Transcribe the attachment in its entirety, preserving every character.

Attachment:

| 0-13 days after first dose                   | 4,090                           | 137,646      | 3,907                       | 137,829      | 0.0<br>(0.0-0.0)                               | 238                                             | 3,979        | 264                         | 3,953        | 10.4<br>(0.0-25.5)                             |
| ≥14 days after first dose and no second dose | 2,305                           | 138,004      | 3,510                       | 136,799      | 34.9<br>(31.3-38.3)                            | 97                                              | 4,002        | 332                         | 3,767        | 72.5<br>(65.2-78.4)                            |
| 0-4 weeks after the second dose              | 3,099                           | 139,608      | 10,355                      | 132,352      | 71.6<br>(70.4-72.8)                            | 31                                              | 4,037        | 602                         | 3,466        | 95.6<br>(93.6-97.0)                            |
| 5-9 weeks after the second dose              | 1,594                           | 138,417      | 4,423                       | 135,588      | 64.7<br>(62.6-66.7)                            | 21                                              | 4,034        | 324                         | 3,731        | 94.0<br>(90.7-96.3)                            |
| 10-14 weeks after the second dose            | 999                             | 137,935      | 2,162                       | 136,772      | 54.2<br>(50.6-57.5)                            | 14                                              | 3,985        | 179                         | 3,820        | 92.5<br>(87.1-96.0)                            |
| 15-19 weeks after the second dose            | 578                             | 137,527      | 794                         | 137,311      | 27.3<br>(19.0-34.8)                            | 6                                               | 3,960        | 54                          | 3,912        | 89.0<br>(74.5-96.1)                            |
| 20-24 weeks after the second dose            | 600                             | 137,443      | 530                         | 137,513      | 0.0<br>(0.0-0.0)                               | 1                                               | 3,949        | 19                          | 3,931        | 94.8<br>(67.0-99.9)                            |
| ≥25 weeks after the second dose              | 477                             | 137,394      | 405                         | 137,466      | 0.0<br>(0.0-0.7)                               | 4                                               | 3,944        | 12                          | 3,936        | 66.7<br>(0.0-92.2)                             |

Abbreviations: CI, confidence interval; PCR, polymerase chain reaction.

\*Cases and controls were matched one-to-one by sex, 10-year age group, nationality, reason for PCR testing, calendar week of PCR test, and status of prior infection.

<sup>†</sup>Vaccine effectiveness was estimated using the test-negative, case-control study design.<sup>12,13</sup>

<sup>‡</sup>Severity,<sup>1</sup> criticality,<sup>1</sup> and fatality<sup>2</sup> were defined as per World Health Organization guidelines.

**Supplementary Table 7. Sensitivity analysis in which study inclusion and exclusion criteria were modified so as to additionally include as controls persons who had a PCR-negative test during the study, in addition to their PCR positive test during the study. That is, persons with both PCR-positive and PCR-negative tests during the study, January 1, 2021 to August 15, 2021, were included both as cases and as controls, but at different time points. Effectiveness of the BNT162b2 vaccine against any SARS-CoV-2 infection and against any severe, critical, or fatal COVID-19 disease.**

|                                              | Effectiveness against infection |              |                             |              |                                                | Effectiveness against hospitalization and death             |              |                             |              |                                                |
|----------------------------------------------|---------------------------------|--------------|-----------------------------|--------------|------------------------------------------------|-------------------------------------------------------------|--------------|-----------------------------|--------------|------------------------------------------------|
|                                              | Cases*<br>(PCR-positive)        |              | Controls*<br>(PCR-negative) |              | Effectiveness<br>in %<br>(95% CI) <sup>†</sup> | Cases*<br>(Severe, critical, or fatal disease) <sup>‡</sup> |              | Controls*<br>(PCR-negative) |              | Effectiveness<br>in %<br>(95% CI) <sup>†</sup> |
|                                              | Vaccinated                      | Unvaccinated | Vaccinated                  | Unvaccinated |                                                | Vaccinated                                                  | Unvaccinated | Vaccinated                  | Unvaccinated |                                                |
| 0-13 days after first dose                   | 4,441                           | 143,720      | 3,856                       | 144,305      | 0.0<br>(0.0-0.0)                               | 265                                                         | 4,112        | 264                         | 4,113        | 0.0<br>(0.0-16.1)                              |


| 0-13 days after first dose                   | 4,090                           | 137,646      | 3,907                       | 137,829      | 0.0<br>(0.0-0.0)                               | 238                                             | 3,979        | 264                         | 3,953        | 10.4<br>(0.0-25.5)                             |
| ≥14 days after first dose and no second dose | 2,305                           | 138,004      | 3,510                       | 136,799      | 34.9<br>(31.3-38.3)                            | 97                                              | 4,002        | 332                         | 3,767        | 72.5<br>(65.2-78.4)                            |
| 0-4 weeks after the second dose              | 3,099                           | 139,608      | 10,355                      | 132,352      | 71.6<br>(70.4-72.8)                            | 31                                              | 4,037        | 602                         | 3,466        | 95.6<br>(93.6-97.0)                            |
| 5-9 weeks after the second dose              | 1,594                           | 138,417      | 4,423                       | 135,588      | 64.7<br>(62.6-66.7)                            | 21                                              | 4,034        | 324                         | 3,731        | 94.0<br>(90.7-96.3)                            |
| 10-14 weeks after the second dose            | 999                             | 137,935      | 2,162                       | 136,772      | 54.2<br>(50.6-57.5)                            | 14                                              | 3,985        | 179                         | 3,820        | 92.5<br>(87.1-96.0)                            |
| 15-19 weeks after the second dose            | 578                             | 137,527      | 794                         | 137,311      | 27.3<br>(19.0-34.8)                            | 6                                               | 3,960        | 54                          | 3,912        | 89.0<br>(74.5-96.1)                            |
| 20-24 weeks after the second dose            | 600                             | 137,443      | 530                         | 137,513      | 0.0<br>(0.0-0.0)                               | 1                                               | 3,949        | 19                          | 3,931        | 94.8<br>(67.0-99.9)                            |
| ≥25 weeks after the second dose              | 477                             | 137,394      | 405                         | 137,466      | 0.0<br>(0.0-0.7)                               | 4                                               | 3,944        | 12                          | 3,936        | 66.7<br>(0.0-92.2)                             |

Abbreviations: CI, confidence interval; PCR, polymerase chain reaction.

\*Cases and controls were matched one-to-one by sex, 10-year age group, nationality, reason for PCR testing, calendar week of PCR test, and status of prior infection.

<sup>†</sup>Vaccine effectiveness was estimated using the test-negative, case-control study design.<sup>12,13</sup>

<sup>‡</sup>Severity,<sup>1</sup> criticality,<sup>1</sup> and fatality<sup>2</sup> were defined as per World Health Organization guidelines.

**Supplementary Table 7. Sensitivity analysis in which study inclusion and exclusion criteria were modified so as to additionally include as controls persons who had a PCR-negative test during the study, in addition to their PCR positive test during the study. That is, persons with both PCR-positive and PCR-negative tests during the study, January 1, 2021 to August 15, 2021, were included both as cases and as controls, but at different time points. Effectiveness of the BNT162b2 vaccine against any SARS-CoV-2 infection and against any severe, critical, or fatal COVID-19 disease.**

|                                              | Effectiveness against infection |              |                             |              |                                                | Effectiveness against hospitalization and death             |              |                             |              |                                                |
|----------------------------------------------|---------------------------------|--------------|-----------------------------|--------------|------------------------------------------------|-------------------------------------------------------------|--------------|-----------------------------|--------------|------------------------------------------------|
|                                              | Cases*<br>(PCR-positive)        |              | Controls*<br>(PCR-negative) |              | Effectiveness<br>in %<br>(95% CI) <sup>†</sup> | Cases*<br>(Severe, critical, or fatal disease) <sup>‡</sup> |              | Controls*<br>(PCR-negative) |              | Effectiveness<br>in %<br>(95% CI) <sup>†</sup> |
|                                              | Vaccinated                      | Unvaccinated | Vaccinated                  | Unvaccinated |                                                | Vaccinated                                                  | Unvaccinated | Vaccinated                  | Unvaccinated |                                                |
| 0-13 days after first dose                   | 4,441                           | 143,720      | 3,856                       | 144,305      | 0.0<br>(0.0-0.0)                               | 265                                                         | 4,112        | 264                         | 4,113        | 0.0<br>(0.0-16.1)                              |